Sunday at Singing Beach

It was mid-December and I was thirteen; stuck in that kind of angsty adolescent state where I didn’t expect much greatness to happen in my life anytime soon. It was a Sunday, and surprisingly warm for a Massachusetts winter, and my dad decided it was just the sort of day for a trip to the seaside. Being thirteen, I was not so much in the mood for a day trip to the beach with my father, but I obliged, and we drove up the coast to Manchester-by-the-Sea, a small fishing village with a quaint, old-time feel.

Parking a few blocks off from Singing Beach, we walked along a marsh and through the quiet town. We dropped into a second-hand bookstore where my dad bought The Book of Images by his mom’s favorite writer, Rilke. It was a collection of poetry I soon came to love and now carry with me whenever leaving home for over a week.

When we reached the beach, the sky had darkened to a grayish blue. Only a few elderly couples dotted the shoreline, walking along the coast with their dogs. I remember the sun looked as though it was melting into the water, which doesn’t make sense seeing as we’re on the east coast, but that’s how I picture it – the sun over the water, the damp sand beneath my feet. The book in my hand and my dad beside me, looking out over the water.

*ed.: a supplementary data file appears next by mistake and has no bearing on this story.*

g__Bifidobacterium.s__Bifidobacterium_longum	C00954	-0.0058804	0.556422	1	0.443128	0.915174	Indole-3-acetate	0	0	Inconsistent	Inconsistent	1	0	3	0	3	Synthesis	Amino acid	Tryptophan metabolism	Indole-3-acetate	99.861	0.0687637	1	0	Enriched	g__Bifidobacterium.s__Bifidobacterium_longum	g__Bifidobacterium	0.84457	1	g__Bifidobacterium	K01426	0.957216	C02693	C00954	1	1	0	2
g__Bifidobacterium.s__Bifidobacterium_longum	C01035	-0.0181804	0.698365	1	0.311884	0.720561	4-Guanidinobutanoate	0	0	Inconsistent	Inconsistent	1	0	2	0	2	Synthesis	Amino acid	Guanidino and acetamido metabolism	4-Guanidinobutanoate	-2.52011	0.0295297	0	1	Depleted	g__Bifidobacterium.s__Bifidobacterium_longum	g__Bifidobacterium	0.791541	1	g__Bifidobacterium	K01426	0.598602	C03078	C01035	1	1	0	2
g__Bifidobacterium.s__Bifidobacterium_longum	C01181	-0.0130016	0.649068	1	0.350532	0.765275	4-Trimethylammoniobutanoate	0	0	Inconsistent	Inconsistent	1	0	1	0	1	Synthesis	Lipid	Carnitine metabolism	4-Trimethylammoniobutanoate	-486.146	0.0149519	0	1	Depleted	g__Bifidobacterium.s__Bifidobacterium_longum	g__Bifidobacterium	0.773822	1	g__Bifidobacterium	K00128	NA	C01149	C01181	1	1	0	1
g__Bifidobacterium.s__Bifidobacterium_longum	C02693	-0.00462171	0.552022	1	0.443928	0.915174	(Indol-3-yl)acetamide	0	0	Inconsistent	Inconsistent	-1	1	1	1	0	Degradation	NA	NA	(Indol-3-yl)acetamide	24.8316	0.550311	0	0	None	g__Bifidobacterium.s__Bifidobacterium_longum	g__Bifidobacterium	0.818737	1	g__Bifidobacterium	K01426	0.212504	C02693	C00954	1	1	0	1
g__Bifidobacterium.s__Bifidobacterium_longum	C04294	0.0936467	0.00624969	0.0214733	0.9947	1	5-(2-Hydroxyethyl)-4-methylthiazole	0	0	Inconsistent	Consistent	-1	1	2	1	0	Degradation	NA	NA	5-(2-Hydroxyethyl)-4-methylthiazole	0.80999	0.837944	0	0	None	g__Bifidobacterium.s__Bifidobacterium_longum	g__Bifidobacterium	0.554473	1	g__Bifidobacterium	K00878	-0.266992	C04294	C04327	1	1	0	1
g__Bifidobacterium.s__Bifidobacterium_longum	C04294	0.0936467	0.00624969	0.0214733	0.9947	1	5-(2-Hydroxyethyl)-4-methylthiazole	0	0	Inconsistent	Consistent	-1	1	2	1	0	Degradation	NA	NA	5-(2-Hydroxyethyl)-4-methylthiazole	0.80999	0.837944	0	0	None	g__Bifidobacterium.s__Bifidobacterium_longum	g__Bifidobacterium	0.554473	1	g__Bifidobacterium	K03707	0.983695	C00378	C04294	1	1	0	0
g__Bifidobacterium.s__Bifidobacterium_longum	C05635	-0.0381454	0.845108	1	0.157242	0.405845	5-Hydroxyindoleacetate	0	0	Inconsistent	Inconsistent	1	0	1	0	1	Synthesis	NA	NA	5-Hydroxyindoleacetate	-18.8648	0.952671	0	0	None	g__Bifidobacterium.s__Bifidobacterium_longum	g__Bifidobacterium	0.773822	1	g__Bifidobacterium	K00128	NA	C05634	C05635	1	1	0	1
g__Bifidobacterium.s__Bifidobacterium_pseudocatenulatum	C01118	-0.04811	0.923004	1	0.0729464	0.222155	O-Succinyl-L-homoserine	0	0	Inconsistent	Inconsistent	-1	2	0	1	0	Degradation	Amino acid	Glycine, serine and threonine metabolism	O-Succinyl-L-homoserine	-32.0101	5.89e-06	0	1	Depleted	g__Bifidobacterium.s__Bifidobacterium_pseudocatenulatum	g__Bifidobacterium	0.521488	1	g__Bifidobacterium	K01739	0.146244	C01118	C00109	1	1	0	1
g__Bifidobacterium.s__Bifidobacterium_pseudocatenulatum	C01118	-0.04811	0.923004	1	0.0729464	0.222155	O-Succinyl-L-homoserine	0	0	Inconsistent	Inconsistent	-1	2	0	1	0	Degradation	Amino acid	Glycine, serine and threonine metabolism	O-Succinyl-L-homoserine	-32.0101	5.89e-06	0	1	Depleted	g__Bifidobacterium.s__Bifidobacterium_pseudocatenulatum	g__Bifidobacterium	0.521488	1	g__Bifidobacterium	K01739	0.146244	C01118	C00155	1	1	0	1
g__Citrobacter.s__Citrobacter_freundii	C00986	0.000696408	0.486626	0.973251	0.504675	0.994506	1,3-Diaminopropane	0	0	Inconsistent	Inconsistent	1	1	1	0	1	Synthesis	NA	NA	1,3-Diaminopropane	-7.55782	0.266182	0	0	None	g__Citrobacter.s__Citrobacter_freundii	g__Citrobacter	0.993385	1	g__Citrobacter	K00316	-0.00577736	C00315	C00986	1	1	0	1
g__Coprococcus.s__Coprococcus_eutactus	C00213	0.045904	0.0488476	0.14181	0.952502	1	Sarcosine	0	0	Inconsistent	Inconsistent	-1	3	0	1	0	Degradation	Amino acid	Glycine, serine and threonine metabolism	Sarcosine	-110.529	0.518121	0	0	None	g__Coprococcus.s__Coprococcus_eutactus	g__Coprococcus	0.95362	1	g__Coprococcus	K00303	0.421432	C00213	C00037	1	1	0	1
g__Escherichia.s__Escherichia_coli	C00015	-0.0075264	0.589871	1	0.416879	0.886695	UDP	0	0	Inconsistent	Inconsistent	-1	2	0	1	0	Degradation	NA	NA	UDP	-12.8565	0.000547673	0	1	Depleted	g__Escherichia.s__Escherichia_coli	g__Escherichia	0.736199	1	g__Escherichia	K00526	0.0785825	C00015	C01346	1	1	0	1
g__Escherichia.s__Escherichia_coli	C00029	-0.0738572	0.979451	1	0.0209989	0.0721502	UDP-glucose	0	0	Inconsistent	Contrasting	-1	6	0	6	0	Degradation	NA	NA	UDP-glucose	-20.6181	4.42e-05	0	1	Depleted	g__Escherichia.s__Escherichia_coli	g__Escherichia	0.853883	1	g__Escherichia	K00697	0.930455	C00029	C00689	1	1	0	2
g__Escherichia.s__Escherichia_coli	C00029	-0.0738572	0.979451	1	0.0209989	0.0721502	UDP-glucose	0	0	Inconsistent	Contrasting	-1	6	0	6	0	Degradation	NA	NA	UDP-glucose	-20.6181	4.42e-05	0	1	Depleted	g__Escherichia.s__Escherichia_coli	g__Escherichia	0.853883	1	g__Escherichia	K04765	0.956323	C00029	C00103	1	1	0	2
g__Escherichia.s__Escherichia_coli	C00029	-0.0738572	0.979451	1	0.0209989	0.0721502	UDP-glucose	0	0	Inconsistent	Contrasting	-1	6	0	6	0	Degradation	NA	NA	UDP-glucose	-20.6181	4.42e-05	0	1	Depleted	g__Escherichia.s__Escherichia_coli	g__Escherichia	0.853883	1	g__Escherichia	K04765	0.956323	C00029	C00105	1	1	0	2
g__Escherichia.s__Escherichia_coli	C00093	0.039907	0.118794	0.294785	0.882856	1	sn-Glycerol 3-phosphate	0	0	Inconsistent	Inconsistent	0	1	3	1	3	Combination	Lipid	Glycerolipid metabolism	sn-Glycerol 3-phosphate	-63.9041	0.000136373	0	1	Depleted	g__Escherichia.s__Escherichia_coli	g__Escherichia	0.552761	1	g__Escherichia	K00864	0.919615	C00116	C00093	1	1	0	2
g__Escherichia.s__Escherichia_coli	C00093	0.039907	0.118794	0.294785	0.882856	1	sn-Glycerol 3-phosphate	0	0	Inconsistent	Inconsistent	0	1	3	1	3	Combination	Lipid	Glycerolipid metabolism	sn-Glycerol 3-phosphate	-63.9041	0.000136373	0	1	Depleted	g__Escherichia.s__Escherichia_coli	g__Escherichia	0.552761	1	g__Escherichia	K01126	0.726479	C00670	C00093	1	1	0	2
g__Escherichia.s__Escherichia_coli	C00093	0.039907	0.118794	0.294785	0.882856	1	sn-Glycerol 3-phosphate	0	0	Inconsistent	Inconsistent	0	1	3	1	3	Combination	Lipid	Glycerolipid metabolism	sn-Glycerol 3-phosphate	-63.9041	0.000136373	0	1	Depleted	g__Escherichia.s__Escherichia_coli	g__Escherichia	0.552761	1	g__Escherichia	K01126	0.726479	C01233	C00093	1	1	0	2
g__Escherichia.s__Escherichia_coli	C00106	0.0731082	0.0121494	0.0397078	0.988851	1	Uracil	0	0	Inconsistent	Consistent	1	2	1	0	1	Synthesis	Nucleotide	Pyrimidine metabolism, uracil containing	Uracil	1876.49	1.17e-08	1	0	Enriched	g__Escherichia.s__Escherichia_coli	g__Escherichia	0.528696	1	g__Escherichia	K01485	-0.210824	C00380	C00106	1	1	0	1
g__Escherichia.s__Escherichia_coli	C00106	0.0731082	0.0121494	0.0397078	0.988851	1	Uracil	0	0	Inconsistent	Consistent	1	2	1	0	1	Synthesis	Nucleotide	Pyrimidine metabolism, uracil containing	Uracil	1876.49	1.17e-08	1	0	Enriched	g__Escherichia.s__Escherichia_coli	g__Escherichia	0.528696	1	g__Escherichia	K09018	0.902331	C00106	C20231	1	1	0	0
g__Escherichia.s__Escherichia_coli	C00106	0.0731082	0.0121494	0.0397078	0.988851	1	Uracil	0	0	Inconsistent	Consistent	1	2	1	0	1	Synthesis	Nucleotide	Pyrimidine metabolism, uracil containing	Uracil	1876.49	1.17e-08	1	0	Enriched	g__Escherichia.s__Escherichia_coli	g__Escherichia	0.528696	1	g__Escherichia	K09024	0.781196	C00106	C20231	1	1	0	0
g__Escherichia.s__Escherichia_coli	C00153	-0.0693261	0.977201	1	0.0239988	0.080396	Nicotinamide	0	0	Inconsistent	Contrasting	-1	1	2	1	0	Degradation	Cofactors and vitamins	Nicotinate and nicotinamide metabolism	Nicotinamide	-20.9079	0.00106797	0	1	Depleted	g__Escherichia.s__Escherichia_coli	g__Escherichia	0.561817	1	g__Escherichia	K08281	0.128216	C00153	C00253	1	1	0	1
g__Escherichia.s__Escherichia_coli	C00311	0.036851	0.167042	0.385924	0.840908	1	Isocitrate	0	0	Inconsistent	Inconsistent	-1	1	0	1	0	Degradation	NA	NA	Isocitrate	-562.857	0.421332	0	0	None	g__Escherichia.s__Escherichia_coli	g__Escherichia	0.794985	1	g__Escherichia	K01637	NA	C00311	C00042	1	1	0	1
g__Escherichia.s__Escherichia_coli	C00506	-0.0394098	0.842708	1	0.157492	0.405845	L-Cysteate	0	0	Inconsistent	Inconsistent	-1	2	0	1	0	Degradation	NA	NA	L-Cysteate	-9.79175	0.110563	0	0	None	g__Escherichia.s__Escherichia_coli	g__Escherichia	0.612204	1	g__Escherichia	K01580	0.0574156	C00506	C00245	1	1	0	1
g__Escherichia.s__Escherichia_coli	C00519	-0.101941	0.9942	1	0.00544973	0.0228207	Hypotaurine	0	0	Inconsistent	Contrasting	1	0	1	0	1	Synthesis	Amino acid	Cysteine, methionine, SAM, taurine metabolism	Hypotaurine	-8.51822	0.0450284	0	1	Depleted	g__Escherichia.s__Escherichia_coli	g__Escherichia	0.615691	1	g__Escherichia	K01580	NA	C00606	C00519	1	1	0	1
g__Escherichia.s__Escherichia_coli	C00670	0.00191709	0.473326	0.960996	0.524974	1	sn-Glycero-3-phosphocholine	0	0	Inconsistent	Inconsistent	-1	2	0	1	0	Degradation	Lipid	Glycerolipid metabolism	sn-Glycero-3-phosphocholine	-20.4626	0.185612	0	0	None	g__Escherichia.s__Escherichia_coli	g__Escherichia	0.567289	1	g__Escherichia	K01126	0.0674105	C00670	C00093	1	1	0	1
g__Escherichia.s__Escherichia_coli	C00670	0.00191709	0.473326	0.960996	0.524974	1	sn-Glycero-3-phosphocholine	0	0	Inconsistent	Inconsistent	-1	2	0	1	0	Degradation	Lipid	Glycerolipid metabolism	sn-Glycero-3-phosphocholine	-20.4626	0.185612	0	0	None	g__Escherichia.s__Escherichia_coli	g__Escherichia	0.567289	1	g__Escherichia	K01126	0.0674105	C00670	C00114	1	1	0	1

I’d never really spent much time with my dad alone. We’re both fairly quiet people, and so I have this theory that we’d always just avoided extensive conversation for fear of long awkward silences. But I can’t imagine that day being spent with anyone else, and though I don’t remember any of the conversations we had, I think it was just his being there, and maybe even just the quietness, that made it special.

I remember leaving the beach with reluctance, looking back one last time and wondering if I’d ever feel that way again – full and completely content. And then the car ride back, my head leaning against the cold glass window, watching through sleepy eyes the bookstore pass by and then the marsh. To my left, my dad kept one hand on the wheel, his eyes on the road.


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